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MSD race highlights struggle of low enrollment





The trend of declining student enrollment is one that MSD of Wabash County has struggled with for years.

In just the past decade, the school corporation has lost a net 410 students since the 2006-07 academic year, according to Indiana Department of Education data. It’s a problem that has been debated for years and is the central concern driving school board campaigns this fall. 

All seven candidates vying for a seat on the board agreed last Tuesday that something needs to be done so that the school corporation doesn’t lose too much revenue from declining enrollment. But there’s much disagreement as to what should be done. 

Current board member Matt Driscoll said the board will have to look for innovative ways to attract new students, like offering remote classes accessible to other schools in a model similar to what Heartland Career Center offers for vocational training. And fellow board member Todd Dazey, also running for reelection this fall, said he believes the district is missing a prime opportunity to market its schools to prospective transfer students living in southern Huntington County.

The school corporation has seen its share of transfer students, and advertising MSD schools to parents in neighboring counties may attract some new students. But the “Studies for Advancement,” a study conducted for MSD, Manchester Community Schools and Wabash City Schools in 2017, found that the overwhelming majority of transfer students here are coming from within Wabash County. The study also projects the three school corporations will experience a combined 6 percent decline in student population over the next decade, based on current population trends.

The board conducted two studies this year in lieu of the second phase of the “Studies for Advancement,” the first a consolidation tax rate analysis and the second a stakeholder survey. 

But four of the candidates campaigning for Dazey’s and Driscoll’s seats said Tuesday they are interested in participating in Phase II, and one candidate, Doug Bogert, suggested he might be interested. Several even went so far as to say they are open to consolidation or sharing resources with Wabash City Schools. 

Candidate views on consolidation: 

Tiffany Haupert (Northeast candiate): “I feel we aren’t moving forward on any issues because of fear. We all have an emotional tie to this community ... we need to be able to take emotion out of it. We need to make a choice to move forward. Consolidation has been a dirty word around here. I don’t care what we do as long as it’s in the best interest of the children. If that means consolidation, our children will be better for it.”

Teresa Galley (Northwest candidate): “You’ve probably heard this expression before, but the definition of insanity is doing the same thing over and over again and expecting a different result. That’s exactly what we’ve been doing. The state is squeezing budgets tighter and tighter. Do I believe in consolidation? I’m going to agree with Tiffany, if it’s the best answer. But we don’t have the numbers. When we get those facts, if they say coming together isn’t the best thing, I don’t think we should do it. I do think what they’re going to show us is there are definite areas where we can cut inefficiencies, work together and collaborate so money can go to the schools where our children are being educated.”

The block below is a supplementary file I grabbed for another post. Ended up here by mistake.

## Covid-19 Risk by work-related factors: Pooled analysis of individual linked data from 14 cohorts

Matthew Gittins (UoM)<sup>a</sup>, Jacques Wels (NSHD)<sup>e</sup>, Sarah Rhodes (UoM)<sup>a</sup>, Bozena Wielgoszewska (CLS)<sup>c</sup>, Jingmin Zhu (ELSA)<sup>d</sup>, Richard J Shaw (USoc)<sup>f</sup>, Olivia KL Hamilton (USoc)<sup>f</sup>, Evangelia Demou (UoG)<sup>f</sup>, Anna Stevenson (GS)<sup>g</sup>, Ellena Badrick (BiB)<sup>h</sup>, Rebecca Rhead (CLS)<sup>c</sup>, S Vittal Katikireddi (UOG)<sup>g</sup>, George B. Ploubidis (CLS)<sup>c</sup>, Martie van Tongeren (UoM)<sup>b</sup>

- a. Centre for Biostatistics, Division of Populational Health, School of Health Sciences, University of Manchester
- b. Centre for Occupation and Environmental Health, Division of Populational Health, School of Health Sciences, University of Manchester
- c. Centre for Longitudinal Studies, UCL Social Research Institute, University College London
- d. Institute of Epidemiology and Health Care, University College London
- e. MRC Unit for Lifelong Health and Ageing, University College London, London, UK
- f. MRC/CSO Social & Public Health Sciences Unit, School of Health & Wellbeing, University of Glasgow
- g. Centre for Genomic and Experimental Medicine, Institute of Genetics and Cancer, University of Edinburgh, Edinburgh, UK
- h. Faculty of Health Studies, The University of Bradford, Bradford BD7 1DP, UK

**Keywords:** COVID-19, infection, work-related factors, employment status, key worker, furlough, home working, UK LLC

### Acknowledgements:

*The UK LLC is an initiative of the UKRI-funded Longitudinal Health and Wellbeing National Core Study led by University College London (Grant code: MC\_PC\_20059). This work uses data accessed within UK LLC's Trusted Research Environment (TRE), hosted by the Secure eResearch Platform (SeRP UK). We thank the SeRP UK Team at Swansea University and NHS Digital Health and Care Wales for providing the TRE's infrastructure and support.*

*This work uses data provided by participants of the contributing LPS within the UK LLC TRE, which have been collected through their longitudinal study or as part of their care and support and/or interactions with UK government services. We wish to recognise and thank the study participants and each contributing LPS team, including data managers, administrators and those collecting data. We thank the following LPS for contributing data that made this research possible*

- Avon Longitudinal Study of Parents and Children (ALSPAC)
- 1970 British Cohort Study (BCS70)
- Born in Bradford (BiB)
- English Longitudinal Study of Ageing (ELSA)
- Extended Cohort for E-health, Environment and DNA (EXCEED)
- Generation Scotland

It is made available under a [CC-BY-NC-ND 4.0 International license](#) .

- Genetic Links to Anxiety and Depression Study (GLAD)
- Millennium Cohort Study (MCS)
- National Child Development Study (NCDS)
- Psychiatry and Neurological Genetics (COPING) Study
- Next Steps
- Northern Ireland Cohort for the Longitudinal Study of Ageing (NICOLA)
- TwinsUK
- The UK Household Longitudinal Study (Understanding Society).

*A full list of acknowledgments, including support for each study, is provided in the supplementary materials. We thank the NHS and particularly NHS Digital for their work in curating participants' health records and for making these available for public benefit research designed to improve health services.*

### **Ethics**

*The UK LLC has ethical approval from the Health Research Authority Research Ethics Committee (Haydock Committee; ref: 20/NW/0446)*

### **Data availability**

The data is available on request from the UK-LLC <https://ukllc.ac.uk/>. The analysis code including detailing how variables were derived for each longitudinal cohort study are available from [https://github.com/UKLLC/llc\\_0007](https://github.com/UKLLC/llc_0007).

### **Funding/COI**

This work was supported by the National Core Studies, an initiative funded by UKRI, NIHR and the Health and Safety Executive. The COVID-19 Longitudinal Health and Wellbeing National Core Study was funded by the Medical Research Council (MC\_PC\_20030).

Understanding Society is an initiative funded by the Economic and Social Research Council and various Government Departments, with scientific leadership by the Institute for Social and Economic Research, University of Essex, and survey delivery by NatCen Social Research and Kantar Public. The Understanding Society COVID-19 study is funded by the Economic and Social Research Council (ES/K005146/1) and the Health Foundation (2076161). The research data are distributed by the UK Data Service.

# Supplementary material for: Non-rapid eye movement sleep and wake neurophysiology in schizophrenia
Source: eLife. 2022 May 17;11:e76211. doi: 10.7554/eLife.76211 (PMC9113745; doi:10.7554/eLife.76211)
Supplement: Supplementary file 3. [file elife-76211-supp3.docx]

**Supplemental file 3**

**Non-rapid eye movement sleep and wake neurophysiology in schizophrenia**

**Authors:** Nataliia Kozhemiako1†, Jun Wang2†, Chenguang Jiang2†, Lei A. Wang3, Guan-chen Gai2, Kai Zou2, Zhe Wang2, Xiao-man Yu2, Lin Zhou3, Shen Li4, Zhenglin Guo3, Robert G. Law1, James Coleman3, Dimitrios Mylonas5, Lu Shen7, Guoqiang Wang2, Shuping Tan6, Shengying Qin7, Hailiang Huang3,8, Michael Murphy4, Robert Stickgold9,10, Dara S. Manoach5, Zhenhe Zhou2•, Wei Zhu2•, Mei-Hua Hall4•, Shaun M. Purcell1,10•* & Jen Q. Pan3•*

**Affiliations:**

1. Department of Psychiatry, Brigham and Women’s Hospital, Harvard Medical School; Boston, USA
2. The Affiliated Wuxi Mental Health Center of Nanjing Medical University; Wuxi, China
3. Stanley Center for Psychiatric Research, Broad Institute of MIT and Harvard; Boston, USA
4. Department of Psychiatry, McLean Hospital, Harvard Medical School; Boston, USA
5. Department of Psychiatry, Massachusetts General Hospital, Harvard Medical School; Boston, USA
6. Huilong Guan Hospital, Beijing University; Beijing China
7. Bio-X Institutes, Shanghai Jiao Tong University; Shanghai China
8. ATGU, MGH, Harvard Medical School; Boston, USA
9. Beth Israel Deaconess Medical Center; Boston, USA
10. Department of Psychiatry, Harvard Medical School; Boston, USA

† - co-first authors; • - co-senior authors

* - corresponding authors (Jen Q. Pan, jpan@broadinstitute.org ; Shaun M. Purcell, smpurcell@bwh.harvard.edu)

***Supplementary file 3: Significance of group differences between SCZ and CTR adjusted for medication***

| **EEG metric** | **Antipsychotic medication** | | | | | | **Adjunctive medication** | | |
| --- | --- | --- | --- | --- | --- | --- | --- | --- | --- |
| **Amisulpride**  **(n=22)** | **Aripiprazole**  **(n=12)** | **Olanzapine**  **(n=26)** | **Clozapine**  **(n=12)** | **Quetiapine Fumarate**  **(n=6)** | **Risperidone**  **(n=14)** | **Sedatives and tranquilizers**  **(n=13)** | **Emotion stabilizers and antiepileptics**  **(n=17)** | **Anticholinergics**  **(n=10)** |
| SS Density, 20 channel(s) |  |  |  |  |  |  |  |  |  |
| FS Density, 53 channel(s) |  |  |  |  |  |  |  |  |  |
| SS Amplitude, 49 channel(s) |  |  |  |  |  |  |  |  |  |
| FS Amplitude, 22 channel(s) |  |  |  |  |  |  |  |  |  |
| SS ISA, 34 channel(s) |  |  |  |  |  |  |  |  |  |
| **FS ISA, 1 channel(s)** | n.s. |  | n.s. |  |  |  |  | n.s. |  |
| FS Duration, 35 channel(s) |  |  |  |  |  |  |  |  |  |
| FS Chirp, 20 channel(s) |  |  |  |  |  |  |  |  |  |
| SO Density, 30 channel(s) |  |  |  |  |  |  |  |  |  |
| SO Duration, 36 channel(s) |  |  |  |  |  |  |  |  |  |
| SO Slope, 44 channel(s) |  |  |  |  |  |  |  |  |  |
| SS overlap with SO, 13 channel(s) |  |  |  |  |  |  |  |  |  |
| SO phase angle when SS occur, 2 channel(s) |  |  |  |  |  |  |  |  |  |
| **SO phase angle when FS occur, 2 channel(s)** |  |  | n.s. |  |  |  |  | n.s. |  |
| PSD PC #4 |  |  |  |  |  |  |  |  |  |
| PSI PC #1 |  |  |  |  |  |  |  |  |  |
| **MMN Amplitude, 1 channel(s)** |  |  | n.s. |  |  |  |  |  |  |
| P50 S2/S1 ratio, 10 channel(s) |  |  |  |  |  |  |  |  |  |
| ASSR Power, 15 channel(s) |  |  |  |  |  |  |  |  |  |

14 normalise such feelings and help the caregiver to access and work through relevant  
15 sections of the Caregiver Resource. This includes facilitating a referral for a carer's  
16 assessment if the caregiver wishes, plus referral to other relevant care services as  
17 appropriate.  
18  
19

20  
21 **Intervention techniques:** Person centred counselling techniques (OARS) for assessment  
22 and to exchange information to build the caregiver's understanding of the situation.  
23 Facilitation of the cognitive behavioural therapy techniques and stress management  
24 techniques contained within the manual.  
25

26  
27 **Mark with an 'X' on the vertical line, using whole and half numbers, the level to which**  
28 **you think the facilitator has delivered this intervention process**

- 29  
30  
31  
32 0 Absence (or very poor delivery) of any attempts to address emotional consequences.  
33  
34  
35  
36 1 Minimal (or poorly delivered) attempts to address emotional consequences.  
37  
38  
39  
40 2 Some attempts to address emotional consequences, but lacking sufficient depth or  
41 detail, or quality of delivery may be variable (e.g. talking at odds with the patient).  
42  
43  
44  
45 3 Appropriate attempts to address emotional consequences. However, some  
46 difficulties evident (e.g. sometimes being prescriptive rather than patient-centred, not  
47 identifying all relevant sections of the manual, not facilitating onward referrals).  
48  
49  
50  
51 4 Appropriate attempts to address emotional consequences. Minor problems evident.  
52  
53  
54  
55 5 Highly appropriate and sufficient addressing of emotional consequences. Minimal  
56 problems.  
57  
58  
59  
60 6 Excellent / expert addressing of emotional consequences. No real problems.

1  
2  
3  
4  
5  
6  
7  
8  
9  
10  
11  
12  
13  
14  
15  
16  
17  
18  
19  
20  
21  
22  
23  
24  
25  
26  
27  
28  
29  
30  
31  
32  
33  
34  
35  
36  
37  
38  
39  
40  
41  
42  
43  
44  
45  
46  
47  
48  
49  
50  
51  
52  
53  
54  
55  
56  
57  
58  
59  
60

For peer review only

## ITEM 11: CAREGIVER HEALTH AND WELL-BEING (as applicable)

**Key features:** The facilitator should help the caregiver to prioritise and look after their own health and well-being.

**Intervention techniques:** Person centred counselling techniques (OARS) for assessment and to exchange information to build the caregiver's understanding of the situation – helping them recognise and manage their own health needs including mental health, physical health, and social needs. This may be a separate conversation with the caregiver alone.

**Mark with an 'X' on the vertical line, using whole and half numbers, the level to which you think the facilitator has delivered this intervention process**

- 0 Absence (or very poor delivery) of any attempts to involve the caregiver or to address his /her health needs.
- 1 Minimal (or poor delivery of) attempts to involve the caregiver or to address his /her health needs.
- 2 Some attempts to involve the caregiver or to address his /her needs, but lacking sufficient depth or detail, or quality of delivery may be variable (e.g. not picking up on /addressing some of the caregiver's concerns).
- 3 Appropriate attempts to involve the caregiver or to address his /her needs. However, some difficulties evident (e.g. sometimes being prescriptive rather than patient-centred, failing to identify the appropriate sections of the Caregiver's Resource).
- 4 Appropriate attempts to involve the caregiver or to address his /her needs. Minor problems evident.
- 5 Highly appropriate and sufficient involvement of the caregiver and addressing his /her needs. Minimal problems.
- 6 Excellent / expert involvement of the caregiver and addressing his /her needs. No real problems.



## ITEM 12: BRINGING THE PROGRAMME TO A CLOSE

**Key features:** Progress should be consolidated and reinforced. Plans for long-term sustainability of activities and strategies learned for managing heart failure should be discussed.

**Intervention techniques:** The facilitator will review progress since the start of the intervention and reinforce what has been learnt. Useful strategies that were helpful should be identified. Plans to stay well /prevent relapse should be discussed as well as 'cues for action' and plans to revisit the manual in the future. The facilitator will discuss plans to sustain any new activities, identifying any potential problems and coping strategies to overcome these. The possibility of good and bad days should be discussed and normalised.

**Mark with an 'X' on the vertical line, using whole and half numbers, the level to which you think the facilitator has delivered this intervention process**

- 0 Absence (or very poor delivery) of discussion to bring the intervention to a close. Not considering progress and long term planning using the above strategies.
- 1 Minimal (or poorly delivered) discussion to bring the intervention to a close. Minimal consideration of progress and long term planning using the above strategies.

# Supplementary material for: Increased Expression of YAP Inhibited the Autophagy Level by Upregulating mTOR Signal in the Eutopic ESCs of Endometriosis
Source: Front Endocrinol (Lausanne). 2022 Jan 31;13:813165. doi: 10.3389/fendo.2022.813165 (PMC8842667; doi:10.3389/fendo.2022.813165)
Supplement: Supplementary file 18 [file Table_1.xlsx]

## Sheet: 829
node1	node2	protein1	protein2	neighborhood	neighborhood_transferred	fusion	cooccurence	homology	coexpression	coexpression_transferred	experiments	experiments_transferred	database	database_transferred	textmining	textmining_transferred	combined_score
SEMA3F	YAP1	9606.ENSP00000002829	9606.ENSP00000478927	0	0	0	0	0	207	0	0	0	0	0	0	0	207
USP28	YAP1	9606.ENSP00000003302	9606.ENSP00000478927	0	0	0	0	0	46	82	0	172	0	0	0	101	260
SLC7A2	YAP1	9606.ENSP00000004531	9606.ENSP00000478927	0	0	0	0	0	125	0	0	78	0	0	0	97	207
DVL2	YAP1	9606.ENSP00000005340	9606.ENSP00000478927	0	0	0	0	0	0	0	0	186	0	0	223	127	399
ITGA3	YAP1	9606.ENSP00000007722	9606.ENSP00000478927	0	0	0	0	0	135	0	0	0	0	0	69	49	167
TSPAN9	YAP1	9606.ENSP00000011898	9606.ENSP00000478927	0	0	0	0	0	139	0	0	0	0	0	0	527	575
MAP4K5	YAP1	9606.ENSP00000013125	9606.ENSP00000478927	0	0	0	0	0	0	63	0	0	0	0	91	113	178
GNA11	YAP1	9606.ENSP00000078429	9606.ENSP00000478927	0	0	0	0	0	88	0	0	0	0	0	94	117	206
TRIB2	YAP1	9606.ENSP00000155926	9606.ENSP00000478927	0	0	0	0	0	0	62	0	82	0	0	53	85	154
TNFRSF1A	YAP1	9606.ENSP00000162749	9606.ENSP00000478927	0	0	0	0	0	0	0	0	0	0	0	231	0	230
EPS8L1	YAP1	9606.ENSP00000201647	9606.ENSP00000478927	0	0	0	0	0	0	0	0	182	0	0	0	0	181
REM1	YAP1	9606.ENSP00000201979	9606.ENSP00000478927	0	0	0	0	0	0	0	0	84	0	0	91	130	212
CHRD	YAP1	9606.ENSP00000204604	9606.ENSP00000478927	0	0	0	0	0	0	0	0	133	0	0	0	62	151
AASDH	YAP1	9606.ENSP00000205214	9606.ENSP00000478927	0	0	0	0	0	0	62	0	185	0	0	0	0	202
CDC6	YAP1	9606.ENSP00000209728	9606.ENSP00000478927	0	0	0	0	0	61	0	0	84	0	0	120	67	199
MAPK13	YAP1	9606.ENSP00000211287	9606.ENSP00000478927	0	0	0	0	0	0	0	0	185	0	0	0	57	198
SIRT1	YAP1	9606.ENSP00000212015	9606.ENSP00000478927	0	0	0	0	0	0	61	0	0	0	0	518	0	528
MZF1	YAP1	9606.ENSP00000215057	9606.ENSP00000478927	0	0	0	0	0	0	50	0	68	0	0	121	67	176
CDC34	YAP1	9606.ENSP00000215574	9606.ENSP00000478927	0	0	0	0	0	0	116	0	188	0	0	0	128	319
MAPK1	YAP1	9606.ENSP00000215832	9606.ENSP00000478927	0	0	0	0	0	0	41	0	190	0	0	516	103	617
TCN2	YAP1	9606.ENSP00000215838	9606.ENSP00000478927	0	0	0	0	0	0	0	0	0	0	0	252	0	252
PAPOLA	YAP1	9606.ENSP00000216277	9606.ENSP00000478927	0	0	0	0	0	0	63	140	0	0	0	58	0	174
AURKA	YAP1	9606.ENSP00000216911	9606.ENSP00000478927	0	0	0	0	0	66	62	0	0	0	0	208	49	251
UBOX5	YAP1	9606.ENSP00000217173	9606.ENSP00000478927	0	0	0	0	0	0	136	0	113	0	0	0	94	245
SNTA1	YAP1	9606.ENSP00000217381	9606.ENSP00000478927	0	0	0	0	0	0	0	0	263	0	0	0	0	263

Todd Dazey (Northwest): “As far as consolidation ... this might surprise you for a bit, but believe it or not consolidation is on the table for me. What that looks like though, is that under no circumstances am I willing to agree to build a new building. My idea of a consolidation is we drive them (students) to the nearest school. We move far fewer kids around if we take the school in Wabash and we move them north and south. I don’t have a problem with consolidation; we just need to do it right.”

Doug Bogert (Northwest): “I think we definitely need to move forward, and we definitely need a lot of data to do that. It boggles my mind that with all of the things you can do with computers nowadays ... there’s no reason we couldn’t have a teacher in Southwood teaching students in Southwood, Wabash City Schools, Northfield and Manchester at the same time. There’s all types of things like that that need to be looked at.”

Matt Driscoll (Northeast): “We need to look outside the box. I give you Heartland (Career Center) as an example. What’s wrong with using the Heartland model for advanced classes, such as chemistry, biology and math, and using teachers specifically trained for dual credits and bring them in. We don’t know what schools are going to look like in the future. They probably won’t all be brick and mortar.”

Sandra Davis (Northeast): “At this point it’s too early to say whether I’m in favor of consolidation or not. We need more facts. We have questions that need to be answered. If it’s the best answer, we should move forward. If it’s not ... we should continue to look for ways to improve our school system and increase our efficiencies.”

Ryan Rosen (Northwest): “My definition (of consolidation) would be combining resources to become more educationally and financially efficient for long-term sustainability. My answer would be absolutely. That is our goal, to become more efficient and sustainable. What does that look like? I don’t know, it could be a combination of 100 things. We can’t really move forward until we have information. We need to move forward with finding a good solution through studies instead of assuming the worst. I want to focus on education first and taxes second. The job is to be education focused.”

A longer transcript of Tuesday’s debate is available at www.wabashplaindealer.com under the headline, “Forum explores candidates’ views of consolidation, collaboration,” or in Thursday’s print edition of the Plain Dealer.